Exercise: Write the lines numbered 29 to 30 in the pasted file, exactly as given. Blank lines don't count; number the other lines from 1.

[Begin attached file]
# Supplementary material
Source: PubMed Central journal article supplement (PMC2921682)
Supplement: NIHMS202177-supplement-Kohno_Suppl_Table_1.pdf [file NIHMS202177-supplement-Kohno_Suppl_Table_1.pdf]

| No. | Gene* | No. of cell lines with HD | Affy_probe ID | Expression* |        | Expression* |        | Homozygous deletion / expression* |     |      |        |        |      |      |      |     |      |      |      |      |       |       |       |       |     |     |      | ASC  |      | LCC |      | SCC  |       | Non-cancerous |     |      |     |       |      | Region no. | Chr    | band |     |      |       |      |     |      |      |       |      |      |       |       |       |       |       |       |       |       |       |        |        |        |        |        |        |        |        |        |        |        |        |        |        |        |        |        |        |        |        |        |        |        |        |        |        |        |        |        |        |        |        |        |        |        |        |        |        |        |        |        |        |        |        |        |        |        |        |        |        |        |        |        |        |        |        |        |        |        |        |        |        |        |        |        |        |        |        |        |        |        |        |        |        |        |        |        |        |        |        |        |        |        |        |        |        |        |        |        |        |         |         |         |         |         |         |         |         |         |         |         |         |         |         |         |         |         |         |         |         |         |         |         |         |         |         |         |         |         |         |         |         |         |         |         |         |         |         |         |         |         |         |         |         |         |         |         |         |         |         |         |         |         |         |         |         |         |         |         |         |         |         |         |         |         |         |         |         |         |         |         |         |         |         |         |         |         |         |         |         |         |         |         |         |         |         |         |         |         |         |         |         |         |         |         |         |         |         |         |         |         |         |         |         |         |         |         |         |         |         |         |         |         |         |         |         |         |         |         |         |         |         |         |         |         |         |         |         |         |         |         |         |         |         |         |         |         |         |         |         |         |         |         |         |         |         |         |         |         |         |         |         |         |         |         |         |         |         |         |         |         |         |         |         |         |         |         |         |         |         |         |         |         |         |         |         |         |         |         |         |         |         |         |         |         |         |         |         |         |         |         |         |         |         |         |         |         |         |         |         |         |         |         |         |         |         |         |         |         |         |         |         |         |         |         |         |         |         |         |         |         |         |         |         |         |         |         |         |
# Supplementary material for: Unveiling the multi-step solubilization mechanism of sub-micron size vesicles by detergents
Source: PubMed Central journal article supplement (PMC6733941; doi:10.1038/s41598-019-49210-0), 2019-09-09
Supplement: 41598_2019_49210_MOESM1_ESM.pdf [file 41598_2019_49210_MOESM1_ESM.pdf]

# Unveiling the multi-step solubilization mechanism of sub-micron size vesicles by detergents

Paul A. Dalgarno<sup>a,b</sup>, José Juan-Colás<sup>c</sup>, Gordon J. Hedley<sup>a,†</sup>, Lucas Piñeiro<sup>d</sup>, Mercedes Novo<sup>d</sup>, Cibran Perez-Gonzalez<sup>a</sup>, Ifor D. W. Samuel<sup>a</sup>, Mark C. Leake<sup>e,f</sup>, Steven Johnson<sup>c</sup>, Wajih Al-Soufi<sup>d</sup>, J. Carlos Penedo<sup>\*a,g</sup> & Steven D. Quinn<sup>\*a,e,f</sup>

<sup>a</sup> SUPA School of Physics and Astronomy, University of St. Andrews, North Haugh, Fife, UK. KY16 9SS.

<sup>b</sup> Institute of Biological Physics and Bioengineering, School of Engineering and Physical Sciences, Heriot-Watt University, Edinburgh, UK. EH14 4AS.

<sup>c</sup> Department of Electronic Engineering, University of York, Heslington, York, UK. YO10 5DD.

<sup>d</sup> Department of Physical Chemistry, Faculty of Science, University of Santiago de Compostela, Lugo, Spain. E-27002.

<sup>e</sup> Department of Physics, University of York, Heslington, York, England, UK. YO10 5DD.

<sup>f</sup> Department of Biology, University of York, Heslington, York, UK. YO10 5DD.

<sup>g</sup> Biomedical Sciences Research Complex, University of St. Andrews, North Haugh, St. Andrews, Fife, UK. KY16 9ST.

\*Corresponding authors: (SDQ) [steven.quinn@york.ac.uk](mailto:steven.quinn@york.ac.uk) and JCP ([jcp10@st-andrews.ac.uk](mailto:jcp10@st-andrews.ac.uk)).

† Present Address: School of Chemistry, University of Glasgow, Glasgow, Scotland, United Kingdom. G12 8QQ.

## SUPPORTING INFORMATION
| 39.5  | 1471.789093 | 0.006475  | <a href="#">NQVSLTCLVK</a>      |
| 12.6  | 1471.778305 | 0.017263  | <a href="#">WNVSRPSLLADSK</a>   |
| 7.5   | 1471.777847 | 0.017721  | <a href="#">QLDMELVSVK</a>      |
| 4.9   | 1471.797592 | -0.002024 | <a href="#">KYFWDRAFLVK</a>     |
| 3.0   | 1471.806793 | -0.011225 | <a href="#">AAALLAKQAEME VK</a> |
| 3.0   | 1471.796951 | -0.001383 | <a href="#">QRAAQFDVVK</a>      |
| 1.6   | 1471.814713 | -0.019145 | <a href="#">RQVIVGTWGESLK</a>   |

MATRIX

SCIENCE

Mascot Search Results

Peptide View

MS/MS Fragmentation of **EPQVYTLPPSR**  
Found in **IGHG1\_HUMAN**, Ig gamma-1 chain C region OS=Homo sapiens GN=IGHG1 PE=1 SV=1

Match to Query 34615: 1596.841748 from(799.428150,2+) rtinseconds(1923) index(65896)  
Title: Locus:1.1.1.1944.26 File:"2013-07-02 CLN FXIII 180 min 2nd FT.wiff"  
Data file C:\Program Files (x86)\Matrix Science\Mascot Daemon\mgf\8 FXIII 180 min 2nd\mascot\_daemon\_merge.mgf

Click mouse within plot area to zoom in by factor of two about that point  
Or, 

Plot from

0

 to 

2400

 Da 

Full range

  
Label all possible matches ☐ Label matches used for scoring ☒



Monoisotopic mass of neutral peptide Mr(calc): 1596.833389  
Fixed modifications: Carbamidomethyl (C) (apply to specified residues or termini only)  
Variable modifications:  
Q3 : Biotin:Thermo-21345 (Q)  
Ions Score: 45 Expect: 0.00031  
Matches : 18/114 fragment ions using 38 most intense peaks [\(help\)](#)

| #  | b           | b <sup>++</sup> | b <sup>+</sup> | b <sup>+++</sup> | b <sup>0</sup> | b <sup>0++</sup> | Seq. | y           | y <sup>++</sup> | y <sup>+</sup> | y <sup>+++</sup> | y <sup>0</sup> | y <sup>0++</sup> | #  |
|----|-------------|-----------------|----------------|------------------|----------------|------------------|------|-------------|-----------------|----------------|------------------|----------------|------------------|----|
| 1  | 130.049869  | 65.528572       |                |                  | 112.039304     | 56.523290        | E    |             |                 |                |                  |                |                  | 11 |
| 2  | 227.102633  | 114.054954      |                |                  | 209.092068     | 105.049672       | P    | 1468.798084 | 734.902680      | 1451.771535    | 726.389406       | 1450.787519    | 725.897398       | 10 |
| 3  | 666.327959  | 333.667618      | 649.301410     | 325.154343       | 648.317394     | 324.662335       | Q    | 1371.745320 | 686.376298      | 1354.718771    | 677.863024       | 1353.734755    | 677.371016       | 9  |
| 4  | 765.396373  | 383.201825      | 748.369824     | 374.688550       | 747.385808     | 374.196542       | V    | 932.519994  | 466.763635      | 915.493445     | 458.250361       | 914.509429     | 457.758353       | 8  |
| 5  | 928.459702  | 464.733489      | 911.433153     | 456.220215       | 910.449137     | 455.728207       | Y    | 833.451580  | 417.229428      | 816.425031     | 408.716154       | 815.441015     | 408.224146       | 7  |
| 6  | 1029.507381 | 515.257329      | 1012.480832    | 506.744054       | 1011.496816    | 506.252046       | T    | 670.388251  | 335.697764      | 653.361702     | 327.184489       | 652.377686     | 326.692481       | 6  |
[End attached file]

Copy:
Mascot Search Results

Peptide View